Not everything that we face can be changed. But nothing can be changed unless we face it. Shame is in all of us and wholehearted living begins when we face our shame.
Shame is the fear of disconnection. Shame defines us as failures. Since all of us have a God-given desire for belonging, shame is one of the most powerful tools of demons to unravel our lives. The fear of what others would think of us if they only knew who we were, imprisons us to a life of hiddenness and perfectionism. I know first hand what shame feels like.
In the fall of 2013 the elders at the church I started and the only church I had ever pastored, walked me into my office to let me know they were placing me on a forced 6 month leave of absence, but publically it would be called a “sabbatical.” The reason given—the “unhealthy culture” of the staff team. It was a difficult time and I was frustrated and struggling. The culture needed work and I needed help.
I made a conscious choice to not defend myself or blame others. For the next four months I read books, wrote reports, asked for forgiveness, and did all that I knew to do to work on my stuff. Though the board would not allow me to speak to my staff team as a group, I owned what were my character flaws and tried to the best of my ability to repent of each. It was not enough. It soon became apparent that I was not wanted back by the board and some of the pastoral staff, and that my tenure at my beloved church was over. It was devastating. I resigned.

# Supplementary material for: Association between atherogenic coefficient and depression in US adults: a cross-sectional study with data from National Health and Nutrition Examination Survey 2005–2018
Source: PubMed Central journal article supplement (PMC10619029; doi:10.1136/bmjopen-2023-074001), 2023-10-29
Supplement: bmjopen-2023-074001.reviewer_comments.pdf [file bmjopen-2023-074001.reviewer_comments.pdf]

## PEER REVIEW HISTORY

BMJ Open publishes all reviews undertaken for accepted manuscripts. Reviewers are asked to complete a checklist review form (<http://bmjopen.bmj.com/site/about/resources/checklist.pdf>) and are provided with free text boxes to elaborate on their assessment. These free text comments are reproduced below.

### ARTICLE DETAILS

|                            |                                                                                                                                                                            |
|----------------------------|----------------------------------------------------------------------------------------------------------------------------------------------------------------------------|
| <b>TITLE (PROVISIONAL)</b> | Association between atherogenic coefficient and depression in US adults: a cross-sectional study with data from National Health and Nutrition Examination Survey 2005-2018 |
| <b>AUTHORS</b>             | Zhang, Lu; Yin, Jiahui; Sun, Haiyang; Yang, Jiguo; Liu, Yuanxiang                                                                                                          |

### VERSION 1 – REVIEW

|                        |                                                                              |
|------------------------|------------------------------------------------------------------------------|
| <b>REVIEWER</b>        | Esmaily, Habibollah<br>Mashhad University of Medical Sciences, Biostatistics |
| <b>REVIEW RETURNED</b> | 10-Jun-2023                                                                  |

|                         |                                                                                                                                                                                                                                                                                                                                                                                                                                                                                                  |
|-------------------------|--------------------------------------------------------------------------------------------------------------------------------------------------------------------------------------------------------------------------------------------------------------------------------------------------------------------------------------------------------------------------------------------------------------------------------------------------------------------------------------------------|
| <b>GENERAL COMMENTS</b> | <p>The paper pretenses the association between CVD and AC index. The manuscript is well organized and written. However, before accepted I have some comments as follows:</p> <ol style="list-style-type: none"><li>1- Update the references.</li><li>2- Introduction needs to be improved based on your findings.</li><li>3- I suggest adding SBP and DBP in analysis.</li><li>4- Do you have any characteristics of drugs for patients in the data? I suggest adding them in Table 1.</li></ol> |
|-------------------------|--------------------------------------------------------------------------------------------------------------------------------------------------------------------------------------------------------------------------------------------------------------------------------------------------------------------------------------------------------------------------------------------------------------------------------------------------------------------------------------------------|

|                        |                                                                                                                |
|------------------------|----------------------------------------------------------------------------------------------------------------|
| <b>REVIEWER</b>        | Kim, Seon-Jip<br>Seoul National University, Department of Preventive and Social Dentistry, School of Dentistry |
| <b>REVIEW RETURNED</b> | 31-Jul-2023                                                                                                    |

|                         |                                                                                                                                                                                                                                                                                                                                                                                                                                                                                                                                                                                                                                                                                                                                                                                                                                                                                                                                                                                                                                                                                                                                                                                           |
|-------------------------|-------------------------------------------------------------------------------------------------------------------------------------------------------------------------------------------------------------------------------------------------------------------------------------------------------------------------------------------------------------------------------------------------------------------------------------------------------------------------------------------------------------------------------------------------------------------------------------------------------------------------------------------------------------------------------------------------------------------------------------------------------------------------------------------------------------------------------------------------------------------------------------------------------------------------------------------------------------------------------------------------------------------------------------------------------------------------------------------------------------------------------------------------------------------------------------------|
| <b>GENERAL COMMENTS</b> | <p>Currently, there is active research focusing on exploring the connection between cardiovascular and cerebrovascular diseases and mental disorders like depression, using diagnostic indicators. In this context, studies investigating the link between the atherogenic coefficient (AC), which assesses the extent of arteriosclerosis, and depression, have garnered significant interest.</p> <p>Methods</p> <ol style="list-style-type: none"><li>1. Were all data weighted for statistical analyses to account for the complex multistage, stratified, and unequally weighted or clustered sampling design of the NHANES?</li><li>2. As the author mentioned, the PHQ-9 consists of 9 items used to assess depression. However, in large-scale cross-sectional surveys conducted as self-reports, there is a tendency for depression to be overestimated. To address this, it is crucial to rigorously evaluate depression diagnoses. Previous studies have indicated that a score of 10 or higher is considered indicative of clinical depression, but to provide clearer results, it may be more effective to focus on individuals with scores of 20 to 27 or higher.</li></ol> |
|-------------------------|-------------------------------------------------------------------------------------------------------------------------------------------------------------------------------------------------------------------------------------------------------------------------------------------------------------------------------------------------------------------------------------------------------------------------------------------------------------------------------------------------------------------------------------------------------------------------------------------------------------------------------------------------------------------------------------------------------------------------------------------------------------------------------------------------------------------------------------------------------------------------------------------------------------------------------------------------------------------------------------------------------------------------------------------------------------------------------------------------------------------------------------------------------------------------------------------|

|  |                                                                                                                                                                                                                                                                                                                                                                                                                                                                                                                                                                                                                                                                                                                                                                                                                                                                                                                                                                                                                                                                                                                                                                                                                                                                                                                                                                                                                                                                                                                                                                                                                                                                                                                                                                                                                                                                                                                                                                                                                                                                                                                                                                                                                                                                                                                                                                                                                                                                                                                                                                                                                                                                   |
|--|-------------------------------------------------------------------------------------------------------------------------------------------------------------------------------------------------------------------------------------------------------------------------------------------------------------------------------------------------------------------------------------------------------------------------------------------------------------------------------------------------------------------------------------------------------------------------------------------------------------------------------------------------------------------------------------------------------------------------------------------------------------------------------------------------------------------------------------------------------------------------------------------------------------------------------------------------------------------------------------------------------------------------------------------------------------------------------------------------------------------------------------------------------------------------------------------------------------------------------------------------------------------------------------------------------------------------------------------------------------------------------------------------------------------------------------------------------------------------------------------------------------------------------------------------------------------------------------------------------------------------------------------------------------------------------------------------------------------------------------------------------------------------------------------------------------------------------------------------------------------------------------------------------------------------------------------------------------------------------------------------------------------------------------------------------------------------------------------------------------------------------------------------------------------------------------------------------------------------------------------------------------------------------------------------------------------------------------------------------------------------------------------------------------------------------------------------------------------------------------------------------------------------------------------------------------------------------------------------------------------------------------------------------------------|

I have never experienced such a sense of failure and shame. I felt I had let down my team, other pastors, and the Lord. To not be wanted for who you are—even with one’s inadequacies, especially in your brokenness, is traumatic. To have something you’ve built, you’ve given everything to—just taken away, is heart wrenching.
But it was this event that changed my life. Someone has said “leadership is pain.” I would add that leadership is shame. Kenji Miyazawa said, “We must embrace pain and burn it as fuel for our journey.” As I faced the shame of my life, God began to fuel my journey and teach me lessons of being wholehearted that began a transformation.
The melt down of my heart began with shame but the remaking of my heart came through the discomfort of facing my perfectionism. In my case, perfectionism had become the protective wall around my shame. But the route to wholehearted living is directly proportional to one’s ability to manage the discomfort of facing our roadblocks.
It is agonizingly uncomfortable to face shame. We would rather run from it, deny it’s there, and keep it hidden. But to face it, deal with it, and bring all of it into the light is the way to wholehearted living. God wants our whole heart, even if man doesn’t. Man wants the tidied up part, God wants the ugly. That’s how He changes us. That’s how we begin to navigate the greatest command in scripture: to love God with all of our heart, soul, mind, and strength.
On the Road,
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